A quick review of recent events in the world of synthetic surfaces:
Following Santa Anita’s announcement that it would replace its current Cushion synthetic surface with Pro-Ride, Ray Paulick provided on his website two sets of data about the Santa Anita surface. The first, from Ed Halpern, the executive director of the California Thoroughbred Trainers, is accompanied by a letter in which Halpern states,
“Since the introduction of synthetic surfaces in California, barn areas are now
filled, trainers have moved to California from across the country, field size
has grown dramatically, injuries are down, and horses are racing more often.
Those facts speak loudly and are irrefutable.” (quoted on Paulick’s
The survey results may well offer compelling evidence for trainer preference for synthetics, but it’s a little hard to tell, based on the information presented. According to Paulick, 92 trainers responded, and they were able to rate their preference in one of five ways: strongly favor dirt, favor dirt, neutral, favor synthetics, strongly favor synthetics. We are told that “Of all those responding who strongly favored dirt or strongly favored synthetics, 70% strongly favored synthetics.”
What we are not told is the sample size: how many trainers indicated that they strongly favored dirt or strongly favored synthetics? If it’s 80 of the 92 who responded, we have some significant information; if only 20 indicated a strong preference for one or the other, we don’t.
The results of a similar survey, released a month later, do provide that specific information, telling us that 28 of 53 trainers “strongly favor synthetic” at Golden Gate, which has a Tapeta surface.
The Paulick Report goes on to release detailed statistics about breakdowns at the four synthetic California tracks, before and after the conversion, all of which indicate that synthetic tracks reduced breakdowns. What we don’t know is the source of this information; how it was compiled; and whether it includes training injuries.
In other California news, the Daily Racing Form reported that Hollywood Park would close for three days to do maintenance on its Cushion track following concern about an increase in injuries. Track president Jack Liebau described the maintenance necessary for the Cushion track as “probably more intense” than that for a dirt track, and trainer Jeff Mullins indicated that “freakish kinds of injuries” had occurred, without providing any details.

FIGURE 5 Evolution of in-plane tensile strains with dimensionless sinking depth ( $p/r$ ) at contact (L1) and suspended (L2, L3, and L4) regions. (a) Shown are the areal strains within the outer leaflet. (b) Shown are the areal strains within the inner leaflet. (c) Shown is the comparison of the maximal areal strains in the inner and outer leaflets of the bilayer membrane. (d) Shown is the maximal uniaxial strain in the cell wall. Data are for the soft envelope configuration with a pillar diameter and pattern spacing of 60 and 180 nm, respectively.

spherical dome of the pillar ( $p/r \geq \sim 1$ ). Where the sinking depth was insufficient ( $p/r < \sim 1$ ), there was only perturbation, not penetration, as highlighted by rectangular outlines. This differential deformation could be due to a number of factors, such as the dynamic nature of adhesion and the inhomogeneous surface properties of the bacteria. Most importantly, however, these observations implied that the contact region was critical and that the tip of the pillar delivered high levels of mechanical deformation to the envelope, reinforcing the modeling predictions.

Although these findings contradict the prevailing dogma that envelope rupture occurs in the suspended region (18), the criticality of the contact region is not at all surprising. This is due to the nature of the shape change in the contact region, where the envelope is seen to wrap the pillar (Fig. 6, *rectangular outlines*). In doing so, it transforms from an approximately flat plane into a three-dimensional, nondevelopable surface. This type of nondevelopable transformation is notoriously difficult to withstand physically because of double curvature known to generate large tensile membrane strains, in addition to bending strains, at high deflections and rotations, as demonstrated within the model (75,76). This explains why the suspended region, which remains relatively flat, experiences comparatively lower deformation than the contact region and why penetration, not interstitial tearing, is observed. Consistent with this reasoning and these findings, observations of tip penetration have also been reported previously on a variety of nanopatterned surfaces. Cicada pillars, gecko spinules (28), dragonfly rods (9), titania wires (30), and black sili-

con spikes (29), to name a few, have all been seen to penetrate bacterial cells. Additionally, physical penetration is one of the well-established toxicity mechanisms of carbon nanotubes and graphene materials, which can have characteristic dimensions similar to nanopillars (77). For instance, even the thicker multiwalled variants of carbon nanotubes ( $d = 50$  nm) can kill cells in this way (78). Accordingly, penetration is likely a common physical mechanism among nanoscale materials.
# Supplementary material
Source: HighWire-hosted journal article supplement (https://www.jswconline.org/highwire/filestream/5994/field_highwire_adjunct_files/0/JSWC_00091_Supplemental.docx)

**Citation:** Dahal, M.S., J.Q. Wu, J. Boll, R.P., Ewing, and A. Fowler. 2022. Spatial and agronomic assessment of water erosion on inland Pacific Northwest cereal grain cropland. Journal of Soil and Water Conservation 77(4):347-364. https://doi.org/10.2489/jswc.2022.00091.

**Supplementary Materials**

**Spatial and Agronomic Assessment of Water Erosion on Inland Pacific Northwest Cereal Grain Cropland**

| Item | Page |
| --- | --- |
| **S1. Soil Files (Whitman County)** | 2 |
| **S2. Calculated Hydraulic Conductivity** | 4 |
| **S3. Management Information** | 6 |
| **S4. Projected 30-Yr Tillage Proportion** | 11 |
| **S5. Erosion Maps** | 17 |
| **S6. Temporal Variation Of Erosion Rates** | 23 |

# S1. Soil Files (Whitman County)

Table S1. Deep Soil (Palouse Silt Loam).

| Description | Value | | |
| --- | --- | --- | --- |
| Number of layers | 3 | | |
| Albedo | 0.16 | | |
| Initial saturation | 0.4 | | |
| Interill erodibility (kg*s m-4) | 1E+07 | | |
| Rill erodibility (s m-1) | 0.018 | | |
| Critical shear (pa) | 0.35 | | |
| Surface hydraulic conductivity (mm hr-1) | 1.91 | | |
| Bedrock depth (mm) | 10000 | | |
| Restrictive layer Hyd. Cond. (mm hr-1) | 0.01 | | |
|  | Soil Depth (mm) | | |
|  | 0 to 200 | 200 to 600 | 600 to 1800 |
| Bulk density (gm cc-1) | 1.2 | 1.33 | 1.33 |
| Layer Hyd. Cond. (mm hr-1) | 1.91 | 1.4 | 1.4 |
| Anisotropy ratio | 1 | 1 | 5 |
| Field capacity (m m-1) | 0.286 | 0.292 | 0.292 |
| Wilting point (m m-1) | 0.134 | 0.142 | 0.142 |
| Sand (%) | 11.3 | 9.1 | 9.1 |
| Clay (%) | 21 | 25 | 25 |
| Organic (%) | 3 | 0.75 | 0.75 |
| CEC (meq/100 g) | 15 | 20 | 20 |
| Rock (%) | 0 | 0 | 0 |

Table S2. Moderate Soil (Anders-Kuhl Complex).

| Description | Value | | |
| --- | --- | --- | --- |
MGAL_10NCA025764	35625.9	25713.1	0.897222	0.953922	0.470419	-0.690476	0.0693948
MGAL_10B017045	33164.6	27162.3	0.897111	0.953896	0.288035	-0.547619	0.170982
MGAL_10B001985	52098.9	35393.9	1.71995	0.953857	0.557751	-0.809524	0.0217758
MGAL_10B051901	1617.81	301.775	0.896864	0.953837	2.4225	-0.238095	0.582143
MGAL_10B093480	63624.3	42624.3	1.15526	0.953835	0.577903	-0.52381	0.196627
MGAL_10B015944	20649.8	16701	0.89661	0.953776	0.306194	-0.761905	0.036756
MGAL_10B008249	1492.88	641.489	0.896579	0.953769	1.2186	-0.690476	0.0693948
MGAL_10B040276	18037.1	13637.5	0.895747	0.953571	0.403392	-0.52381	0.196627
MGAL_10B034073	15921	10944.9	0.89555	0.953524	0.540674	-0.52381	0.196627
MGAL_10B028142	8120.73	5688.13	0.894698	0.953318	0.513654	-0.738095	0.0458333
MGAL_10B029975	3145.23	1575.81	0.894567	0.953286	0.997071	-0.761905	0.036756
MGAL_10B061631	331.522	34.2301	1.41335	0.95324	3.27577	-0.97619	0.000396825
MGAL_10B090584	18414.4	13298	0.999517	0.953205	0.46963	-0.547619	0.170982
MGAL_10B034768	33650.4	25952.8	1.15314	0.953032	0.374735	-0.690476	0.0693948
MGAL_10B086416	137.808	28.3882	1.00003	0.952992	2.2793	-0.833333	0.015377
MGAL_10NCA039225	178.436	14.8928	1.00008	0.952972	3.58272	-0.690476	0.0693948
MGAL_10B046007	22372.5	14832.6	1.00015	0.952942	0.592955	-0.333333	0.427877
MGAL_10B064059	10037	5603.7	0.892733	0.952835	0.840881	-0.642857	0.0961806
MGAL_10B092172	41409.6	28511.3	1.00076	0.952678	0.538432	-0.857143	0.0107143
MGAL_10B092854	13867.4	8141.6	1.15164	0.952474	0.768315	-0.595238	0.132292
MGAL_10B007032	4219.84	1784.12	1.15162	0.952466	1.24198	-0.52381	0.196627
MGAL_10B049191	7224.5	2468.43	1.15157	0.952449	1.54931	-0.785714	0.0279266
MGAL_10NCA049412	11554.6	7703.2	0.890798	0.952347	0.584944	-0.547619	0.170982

Earlier this month, the New York State Task Force on Retired Racehorses announced that it would hold a full day forum to discuss the issues associated with synthetic tracks. Moderated panels of jockeys, trainers, track officials, veterinarians, and “industry analysts and researchers” will provide insight and answer questions from Task Force members. I am hopeful that those present will be able to provide more than anecdotal reflections on their experiences with synthetic tracks, and that comprehensively collected data will provide a foundation for the discussion. I’m glad to see that it looks like a number of participants have no financial interest in one track surface or another, and hopeful that the panel will provide data useful in assessing the effects of synthetics on both horses and humans.
Amid concern from horseplayers and traditionalists that New York tracks were going synthetic, the Glens Falls Post-Star published a story in which Charles Hayward, president and CEO of NYRA, indicated several reasons that he was in no rush to do away with dirt in New York. One reason is financial; NYRA simply can’t afford the multi-million dollar investment that a new track would require. But money isn’t the only obstacle:
But Hayward said even if they were rolling in dough, the issue needs a
significant amount of study before moving forward. There isn’t enough
empirical evidence to show whether or not the surface actually helps the horse,
Hayward said. He also said he’s interested in studying the potential
carcinogenic affects of the surface — made of carpet fibers and melted sand and
“I’m hoping the industry, with our participation, will study this issue
more thoroughly,” Hayward said.
Hayward’s position reflects mine exactly (aside from not having millions of dollars to invest). There’s so little actual evidence, supported by real data, about the advantages and disadvantages of synthetic surfaces, and I’m glad that more opportunities to see that data are becoming available. It’s important, though, that the methodology be based in the best practices of scientific research; so much seems based on individual perceptions and impressions, and given what appears to be the paucity of information available on breakdowns BEFORE synthetic surfaces, I wonder whether we’ll ever be able to compare definitively breakdown rates pre- and post-synthetic installation.
I am encouraged, though, by what seems to be industry interest in gathering information to make an educated decision, and I’m looking forward to hearing what the panels have to say in two weeks. While at this point my preference is still dirt, if we were to find out incontrovertibly that synthetic surfaces reduce breakdowns, cause no other types of injuries, and are safe for humans and horses to breathe on a regular basis, I’ll be all for them.